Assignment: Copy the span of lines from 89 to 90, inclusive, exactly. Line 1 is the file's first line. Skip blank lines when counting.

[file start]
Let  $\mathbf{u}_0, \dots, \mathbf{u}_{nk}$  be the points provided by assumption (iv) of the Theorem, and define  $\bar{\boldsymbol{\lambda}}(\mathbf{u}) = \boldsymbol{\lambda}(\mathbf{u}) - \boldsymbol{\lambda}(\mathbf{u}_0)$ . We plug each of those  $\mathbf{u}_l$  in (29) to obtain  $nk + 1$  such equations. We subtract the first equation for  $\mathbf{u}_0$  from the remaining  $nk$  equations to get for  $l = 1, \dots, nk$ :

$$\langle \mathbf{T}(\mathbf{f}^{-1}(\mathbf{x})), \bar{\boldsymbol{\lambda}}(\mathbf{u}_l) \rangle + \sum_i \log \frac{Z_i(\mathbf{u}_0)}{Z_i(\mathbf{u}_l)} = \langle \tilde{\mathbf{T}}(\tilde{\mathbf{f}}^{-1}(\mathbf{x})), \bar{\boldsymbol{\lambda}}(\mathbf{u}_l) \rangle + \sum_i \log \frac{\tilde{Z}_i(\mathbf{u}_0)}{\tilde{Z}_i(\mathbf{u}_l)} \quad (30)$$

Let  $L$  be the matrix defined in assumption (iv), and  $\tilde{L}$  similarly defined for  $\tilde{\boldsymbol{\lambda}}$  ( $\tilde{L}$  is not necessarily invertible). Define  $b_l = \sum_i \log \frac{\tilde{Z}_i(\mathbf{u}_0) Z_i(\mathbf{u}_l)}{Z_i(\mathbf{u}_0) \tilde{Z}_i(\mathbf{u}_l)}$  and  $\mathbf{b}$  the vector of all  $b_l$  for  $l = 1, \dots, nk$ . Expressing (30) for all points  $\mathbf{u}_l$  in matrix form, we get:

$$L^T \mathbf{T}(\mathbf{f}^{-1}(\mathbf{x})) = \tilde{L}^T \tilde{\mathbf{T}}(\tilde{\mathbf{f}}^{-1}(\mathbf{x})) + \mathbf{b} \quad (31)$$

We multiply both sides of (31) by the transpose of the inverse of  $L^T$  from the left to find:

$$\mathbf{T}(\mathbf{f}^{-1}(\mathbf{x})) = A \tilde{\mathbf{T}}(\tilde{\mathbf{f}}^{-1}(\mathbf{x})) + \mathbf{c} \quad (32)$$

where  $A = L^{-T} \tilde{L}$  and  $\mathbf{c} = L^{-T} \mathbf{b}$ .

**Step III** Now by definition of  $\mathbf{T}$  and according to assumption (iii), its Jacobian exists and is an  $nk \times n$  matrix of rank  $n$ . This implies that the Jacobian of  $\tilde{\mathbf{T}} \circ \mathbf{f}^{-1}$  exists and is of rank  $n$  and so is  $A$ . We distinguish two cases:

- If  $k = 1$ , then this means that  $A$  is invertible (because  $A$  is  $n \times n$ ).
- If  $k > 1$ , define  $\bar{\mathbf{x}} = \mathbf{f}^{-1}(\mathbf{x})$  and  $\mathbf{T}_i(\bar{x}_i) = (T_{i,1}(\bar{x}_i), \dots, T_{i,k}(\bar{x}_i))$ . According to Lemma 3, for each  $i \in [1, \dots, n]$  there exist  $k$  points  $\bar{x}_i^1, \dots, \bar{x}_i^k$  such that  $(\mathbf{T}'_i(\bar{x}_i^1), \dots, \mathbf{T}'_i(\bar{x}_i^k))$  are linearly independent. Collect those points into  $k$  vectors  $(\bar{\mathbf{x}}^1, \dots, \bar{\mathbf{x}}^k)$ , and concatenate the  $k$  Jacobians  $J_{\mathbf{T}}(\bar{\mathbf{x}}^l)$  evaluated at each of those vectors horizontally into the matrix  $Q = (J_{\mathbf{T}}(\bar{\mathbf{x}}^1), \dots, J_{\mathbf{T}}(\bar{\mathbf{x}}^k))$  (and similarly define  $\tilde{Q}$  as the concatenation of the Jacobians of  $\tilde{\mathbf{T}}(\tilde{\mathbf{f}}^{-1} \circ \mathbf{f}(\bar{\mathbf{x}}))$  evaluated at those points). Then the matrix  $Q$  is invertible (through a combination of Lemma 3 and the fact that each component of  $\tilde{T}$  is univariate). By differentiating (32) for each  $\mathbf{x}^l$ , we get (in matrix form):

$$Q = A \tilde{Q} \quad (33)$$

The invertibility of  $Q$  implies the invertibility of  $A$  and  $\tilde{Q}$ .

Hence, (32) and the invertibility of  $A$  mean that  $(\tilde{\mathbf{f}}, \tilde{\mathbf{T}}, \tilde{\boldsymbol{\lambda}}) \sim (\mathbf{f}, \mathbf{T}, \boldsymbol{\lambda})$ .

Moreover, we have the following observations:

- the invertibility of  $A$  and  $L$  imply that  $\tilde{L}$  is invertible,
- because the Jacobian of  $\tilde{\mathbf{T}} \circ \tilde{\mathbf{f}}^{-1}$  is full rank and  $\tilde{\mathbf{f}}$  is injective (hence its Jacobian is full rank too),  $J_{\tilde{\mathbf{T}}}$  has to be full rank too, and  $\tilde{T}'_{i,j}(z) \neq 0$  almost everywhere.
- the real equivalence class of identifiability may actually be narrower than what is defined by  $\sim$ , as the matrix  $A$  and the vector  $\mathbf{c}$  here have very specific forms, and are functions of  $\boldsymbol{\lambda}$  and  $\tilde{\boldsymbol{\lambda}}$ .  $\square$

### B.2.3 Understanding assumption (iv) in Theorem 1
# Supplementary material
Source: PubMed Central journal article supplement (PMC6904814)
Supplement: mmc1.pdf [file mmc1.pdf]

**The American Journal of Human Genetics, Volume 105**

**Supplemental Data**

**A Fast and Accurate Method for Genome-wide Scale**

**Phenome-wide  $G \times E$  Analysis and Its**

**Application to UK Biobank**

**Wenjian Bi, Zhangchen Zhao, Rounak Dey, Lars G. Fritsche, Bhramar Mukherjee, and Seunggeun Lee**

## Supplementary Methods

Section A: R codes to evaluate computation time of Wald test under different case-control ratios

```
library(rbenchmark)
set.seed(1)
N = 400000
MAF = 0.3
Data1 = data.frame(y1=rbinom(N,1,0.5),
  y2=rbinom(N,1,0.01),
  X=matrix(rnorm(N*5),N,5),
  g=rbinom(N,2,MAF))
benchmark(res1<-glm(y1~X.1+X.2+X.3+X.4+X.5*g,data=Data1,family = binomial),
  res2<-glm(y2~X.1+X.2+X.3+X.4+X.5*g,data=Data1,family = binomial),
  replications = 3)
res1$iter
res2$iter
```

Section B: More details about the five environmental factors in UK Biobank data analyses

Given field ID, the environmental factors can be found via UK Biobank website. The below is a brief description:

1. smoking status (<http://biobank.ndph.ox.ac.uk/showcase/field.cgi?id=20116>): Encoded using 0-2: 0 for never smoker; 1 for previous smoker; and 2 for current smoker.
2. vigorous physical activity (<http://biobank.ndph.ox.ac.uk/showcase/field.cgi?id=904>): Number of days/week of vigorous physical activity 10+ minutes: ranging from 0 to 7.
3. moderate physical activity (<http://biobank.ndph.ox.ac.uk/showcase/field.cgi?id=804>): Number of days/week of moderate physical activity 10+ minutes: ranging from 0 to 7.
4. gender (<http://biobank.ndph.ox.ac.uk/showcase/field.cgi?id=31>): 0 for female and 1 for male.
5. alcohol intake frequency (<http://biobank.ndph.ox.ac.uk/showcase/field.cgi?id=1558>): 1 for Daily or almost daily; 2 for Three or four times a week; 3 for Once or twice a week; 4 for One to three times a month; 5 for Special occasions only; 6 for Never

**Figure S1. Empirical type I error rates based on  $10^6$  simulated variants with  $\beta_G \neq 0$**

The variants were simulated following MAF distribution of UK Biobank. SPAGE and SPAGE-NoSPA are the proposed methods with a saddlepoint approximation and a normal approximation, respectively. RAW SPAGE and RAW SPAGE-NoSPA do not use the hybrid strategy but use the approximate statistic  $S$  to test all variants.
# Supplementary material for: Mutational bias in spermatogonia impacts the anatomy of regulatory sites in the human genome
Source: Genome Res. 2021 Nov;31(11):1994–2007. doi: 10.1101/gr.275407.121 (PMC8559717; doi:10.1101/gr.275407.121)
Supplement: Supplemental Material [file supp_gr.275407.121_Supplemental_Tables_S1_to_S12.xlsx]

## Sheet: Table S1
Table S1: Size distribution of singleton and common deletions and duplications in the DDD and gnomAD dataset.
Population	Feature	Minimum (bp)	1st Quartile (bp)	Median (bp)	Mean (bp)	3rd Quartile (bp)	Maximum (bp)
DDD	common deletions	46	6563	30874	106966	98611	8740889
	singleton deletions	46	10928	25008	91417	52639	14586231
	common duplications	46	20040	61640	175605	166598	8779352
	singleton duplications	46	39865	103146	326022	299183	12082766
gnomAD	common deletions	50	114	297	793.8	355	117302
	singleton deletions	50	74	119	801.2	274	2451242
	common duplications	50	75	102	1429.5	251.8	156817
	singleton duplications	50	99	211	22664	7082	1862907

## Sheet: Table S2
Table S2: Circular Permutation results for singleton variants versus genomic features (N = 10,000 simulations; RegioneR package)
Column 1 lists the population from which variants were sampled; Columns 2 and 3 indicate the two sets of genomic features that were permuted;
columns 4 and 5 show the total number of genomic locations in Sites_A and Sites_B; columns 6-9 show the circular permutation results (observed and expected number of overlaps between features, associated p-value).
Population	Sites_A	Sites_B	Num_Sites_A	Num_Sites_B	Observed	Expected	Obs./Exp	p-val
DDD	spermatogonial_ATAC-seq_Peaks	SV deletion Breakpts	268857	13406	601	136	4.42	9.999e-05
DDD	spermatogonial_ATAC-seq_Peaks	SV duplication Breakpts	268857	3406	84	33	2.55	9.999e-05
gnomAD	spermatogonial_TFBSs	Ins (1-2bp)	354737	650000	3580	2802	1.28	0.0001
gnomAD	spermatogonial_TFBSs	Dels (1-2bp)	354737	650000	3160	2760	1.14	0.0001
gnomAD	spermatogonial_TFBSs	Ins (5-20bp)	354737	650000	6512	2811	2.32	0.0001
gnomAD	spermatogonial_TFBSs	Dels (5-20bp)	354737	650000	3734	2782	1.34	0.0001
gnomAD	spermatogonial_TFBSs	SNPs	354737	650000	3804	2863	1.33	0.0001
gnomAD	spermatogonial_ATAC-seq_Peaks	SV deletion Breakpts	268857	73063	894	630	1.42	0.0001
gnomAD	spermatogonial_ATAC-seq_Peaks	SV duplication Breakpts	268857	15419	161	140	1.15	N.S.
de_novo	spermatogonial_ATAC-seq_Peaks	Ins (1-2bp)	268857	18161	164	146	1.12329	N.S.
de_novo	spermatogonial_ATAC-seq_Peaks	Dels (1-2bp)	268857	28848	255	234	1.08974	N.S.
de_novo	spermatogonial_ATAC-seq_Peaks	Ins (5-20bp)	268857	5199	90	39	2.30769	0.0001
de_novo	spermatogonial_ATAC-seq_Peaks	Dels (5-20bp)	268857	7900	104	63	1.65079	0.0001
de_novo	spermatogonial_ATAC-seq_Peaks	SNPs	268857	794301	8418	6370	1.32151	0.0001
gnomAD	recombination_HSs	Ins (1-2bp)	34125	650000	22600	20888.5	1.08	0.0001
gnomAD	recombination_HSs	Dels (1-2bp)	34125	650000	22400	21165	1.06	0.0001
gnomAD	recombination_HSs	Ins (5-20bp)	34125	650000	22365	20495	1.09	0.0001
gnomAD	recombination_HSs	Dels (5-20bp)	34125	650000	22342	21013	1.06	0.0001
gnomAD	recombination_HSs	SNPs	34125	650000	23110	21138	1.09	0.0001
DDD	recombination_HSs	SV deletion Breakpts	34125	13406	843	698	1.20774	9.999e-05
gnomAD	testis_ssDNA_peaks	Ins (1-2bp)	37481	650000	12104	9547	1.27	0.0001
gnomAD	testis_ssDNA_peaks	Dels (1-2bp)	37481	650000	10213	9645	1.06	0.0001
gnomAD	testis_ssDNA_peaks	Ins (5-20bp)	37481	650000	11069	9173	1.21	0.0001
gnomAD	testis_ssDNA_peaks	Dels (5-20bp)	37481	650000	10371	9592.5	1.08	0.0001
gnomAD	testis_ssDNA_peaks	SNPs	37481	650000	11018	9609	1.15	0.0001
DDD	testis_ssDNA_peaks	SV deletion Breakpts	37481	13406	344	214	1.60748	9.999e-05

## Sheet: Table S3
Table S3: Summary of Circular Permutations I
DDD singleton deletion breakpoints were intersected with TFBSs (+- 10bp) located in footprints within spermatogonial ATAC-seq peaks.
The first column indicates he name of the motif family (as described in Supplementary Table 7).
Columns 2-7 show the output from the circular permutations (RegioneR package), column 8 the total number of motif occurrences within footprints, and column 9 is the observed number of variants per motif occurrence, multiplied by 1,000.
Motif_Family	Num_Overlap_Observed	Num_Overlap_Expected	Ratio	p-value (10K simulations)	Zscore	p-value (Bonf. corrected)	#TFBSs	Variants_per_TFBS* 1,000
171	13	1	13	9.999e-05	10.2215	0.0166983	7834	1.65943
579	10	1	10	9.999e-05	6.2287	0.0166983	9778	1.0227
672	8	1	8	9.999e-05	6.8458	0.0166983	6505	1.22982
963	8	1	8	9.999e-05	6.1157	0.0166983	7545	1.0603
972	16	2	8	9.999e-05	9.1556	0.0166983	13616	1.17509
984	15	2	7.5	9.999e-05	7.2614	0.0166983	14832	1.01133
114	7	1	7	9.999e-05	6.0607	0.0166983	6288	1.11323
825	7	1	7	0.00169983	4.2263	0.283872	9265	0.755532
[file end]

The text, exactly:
gnomAD	recombination_HSs	Ins (5-20bp)	34125	650000	22365	20495	1.09	0.0001
gnomAD	recombination_HSs	Dels (5-20bp)	34125	650000	22342	21013	1.06	0.0001